Jesus is called the Chief Shepherd in 1 Peter 5:4. Christ is the example to all the under-Shepherds. Christ does several things which show that He is the Good Shepherd: lays down his life for the sheep, cares for and tends to the sheep, and feeds the sheep.

Christ also protects the sheep. Notice in the passage above from John 10 that Christ does not leave the sheep when the wolves or false teachers come. That is contrasted with the fleeing hireling, who cares for his wages and not the sheep.

Sadly, there are many national religious and denominational leaders in our country who have left the door wide open to the wolves. In fact these same leaders seem to cozy up to the wolves while at the same time criticizing the sheep for raising concerns about the danger that the wolves pose. A true shepherd will side with his sheep over the wolves. If a shepherd defends the wolves, you know that he is a hireling. That person is not serving the sheep, but himself.

We as Christians need to be able to discern between true shepherds and hirelings. We also need to be willing to confront evil and oppose it instead of tolerating it. A true shepherd may seem harsh to some when he carries out this function, but he is really carrying out his Biblical role. Remember, a true shepherd will protect the sheep.

In Defense of the Unborn

It’s raining today, which seems appropriate since it is the 47th anniversary of Roe v. Wade. That tragic Supreme Court ruling has led to the deaths of over 60 million innocent babies. It has also inflicted untold psychological, physical, and spiritual harm upon millions of women. Abortion is much more than a political issue. Primarily, it is a moral and theological issue. It is also a family issue.

The Bible makes it clear that we as human beings are made in the image of God. Human life is sacred, and we are not to shed innocent blood. Some verses to consider along these lines are: Genesis 1:27, Genesis 9:6-7, Exodus 20:13, Psalm 139:13-14, and Luke 1:39-45.

Sadly, our conscience as a nation has been seared. It seems that we can no longer weep over our sins. I think about those babies inside the womb fighting for their lives, trying to get away from the instruments of the abortionist. Do we ever stop to consider what goes on within the walls of an abortion clinic? Do we ever think about the suffering of those innocent babies and what horrible pain they endure? Do we realize the depth of emotional damage caused to women who’ve had an abortion? What about the impact upon our society of the absence of millions of people–who should be here, but aren’t? Have we aborted a person who would have cured a disease, been President, or become the next Billy Graham? And obviously a person doesn’t need to be famous to have worth. These innocent babies could have grown up to be someone’s mother, father, brother, sister, son, or daughter. That is why abortion is a family issue. That is why it is a societal issue. It doesn’t just affect the woman. It affects everyone.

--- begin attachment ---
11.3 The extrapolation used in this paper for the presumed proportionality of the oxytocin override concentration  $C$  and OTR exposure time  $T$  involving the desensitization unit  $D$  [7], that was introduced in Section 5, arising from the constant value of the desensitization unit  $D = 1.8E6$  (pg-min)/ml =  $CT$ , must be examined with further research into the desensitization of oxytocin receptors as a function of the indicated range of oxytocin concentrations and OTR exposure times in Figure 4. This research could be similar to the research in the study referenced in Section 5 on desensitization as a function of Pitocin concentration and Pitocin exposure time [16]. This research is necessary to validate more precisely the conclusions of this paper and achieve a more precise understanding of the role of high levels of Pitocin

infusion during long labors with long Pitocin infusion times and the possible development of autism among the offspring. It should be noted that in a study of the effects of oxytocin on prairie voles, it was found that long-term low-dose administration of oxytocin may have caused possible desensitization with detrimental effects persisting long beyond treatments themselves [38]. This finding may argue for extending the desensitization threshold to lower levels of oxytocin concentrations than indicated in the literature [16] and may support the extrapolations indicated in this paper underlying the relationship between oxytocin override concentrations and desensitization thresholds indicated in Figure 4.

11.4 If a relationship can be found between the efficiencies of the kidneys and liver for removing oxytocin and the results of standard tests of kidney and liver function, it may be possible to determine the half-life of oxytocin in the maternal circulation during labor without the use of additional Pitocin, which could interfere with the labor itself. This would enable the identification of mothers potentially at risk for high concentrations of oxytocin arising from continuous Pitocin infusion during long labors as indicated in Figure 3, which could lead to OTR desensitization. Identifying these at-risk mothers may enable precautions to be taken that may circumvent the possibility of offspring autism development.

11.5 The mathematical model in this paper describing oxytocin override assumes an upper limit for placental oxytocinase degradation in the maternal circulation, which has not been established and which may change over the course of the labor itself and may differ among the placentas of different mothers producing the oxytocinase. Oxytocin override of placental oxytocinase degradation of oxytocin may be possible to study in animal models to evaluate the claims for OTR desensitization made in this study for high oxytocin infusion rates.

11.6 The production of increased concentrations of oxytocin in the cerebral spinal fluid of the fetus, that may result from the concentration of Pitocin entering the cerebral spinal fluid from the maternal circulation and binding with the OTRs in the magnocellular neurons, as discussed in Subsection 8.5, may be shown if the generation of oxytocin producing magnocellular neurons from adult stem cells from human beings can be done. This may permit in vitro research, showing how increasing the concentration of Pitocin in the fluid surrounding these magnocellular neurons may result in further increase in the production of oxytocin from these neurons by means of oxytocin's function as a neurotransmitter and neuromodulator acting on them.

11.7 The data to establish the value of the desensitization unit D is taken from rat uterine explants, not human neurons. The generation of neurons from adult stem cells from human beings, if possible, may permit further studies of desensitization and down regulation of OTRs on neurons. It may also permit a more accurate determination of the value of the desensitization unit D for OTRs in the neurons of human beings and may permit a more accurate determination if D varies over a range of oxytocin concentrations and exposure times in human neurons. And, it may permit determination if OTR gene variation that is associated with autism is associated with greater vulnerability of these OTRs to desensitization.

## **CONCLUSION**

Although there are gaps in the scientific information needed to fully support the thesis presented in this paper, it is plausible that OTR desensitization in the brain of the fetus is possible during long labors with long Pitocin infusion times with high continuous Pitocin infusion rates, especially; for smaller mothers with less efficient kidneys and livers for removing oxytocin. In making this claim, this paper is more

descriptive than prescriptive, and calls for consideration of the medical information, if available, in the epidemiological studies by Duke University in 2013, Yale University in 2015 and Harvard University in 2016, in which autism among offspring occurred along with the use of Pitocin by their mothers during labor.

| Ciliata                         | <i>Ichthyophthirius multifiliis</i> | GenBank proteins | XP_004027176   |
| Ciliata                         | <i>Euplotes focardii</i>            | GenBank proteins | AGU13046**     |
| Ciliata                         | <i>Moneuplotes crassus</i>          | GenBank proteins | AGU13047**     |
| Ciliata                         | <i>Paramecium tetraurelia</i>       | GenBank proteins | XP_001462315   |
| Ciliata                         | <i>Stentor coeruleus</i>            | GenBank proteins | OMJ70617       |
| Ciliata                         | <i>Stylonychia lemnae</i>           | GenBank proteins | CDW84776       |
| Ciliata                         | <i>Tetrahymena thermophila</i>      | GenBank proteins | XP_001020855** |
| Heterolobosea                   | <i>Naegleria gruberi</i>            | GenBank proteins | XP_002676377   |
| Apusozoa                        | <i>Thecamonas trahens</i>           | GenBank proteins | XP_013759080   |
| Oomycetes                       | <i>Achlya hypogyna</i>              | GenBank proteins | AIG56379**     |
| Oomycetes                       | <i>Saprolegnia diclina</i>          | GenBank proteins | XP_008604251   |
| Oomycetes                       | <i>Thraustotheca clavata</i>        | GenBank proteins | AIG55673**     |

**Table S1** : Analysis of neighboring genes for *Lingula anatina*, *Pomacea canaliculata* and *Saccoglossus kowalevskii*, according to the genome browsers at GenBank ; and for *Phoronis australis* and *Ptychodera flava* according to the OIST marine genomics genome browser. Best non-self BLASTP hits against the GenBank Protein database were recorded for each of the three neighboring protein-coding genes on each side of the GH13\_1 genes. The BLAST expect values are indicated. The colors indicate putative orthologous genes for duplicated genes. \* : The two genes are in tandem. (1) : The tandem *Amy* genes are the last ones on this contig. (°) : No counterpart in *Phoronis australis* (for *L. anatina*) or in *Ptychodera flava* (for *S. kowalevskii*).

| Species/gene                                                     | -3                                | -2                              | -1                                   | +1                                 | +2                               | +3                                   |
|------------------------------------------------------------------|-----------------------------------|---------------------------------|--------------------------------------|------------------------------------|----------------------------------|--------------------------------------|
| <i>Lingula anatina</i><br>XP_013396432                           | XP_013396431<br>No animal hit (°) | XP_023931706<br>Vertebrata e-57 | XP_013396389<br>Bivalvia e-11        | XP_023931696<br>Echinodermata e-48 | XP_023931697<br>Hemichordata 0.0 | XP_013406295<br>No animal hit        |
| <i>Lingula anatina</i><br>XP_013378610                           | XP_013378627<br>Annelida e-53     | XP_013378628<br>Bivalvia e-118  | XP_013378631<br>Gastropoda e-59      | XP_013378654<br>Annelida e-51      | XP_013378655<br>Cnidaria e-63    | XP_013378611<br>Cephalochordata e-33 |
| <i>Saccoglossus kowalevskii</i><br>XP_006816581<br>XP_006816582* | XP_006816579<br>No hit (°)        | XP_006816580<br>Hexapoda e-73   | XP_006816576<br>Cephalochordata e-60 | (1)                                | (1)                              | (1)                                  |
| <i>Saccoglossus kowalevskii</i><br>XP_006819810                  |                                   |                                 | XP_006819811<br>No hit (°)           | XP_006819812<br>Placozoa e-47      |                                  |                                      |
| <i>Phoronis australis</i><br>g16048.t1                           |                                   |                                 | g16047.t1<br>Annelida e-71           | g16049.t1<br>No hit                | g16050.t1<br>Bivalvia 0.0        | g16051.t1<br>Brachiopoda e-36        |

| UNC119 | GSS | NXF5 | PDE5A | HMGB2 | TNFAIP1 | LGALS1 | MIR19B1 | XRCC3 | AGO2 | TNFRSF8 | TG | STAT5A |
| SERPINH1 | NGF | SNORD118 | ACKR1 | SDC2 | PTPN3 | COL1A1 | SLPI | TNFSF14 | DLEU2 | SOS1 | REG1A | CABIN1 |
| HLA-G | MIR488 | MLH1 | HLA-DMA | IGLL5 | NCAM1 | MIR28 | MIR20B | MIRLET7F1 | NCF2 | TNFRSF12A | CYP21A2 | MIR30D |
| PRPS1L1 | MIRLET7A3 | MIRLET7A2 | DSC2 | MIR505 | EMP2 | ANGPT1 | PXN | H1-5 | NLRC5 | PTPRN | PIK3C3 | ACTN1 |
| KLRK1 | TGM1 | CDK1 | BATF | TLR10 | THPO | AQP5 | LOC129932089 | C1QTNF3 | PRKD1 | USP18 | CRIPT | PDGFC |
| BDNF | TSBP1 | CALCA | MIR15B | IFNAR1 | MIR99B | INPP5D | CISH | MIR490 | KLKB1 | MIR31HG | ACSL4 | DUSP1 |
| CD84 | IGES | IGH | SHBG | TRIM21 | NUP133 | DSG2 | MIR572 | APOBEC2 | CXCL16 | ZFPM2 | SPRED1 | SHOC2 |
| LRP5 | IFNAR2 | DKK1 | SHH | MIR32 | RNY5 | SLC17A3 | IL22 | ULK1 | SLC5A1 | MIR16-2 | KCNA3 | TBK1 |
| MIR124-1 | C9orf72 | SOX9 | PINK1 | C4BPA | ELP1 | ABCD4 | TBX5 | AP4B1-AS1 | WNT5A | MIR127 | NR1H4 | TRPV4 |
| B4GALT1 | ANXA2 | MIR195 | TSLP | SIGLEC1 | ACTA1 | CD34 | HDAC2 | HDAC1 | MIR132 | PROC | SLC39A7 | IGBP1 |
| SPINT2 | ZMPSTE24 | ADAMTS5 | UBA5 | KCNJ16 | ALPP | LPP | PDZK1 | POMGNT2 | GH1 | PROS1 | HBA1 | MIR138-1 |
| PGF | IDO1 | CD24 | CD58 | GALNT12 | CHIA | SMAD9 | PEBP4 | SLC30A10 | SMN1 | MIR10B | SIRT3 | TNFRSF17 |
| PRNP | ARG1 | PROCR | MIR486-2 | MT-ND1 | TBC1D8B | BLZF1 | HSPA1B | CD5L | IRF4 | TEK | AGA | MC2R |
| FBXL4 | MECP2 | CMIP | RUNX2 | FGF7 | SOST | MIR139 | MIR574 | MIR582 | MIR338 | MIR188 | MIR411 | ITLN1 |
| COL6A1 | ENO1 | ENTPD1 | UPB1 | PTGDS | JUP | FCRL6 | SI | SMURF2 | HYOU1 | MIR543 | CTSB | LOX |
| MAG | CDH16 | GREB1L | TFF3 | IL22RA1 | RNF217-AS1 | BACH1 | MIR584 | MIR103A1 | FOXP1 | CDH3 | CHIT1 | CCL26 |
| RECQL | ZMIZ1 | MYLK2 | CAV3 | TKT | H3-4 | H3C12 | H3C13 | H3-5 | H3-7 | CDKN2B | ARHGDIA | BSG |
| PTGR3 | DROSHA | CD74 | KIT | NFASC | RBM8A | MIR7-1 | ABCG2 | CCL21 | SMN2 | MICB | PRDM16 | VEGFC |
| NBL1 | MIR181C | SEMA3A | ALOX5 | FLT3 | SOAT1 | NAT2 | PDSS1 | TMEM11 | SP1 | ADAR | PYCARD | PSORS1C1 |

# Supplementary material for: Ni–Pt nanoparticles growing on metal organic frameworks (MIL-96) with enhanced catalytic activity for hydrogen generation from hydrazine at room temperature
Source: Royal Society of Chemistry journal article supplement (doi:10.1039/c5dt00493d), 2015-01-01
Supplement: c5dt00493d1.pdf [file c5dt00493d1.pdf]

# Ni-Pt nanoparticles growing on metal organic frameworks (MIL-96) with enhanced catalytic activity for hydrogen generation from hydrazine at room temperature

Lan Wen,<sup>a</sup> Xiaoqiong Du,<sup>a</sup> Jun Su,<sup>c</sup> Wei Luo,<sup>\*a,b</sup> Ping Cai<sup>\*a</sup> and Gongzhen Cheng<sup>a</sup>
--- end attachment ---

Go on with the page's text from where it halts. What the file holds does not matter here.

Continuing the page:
When I hear phrases like the woman’s right to choose or it’s the woman’s body, that all sounds very selfish to me. No thought at all seems to be given to the innocent unborn life. They are sacrificed on the altar of convenience.

We cannot ignore this horrific problem. It is being carried out on an industrial scale. It is a huge stain upon our nation’s conscience. Let us repent, seek God’s mercy, and take action. There are many pro-life charities and organizations with which people can get involved. Adoption is also a great solution for the woman who feels that she is unable to raise her baby. Many would-be parents are on waiting lists and would gladly raise that child.

If you have had an abortion, there is hope and forgiveness to be found in Jesus Christ. Thank God for his mercy. And perhaps the best way to find healing is to help other women avoid making the same tragic mistake.

So on this very sad anniversary, let us pray, let us renew our commitment to oppose this great moral evil. Let us lend a helping hand of mercy to those who have been affected by it. Let us vote for leaders who will stand up for the unborn and protect them. And let us do all that we can to prevent more babies from being killed. Let us choose life.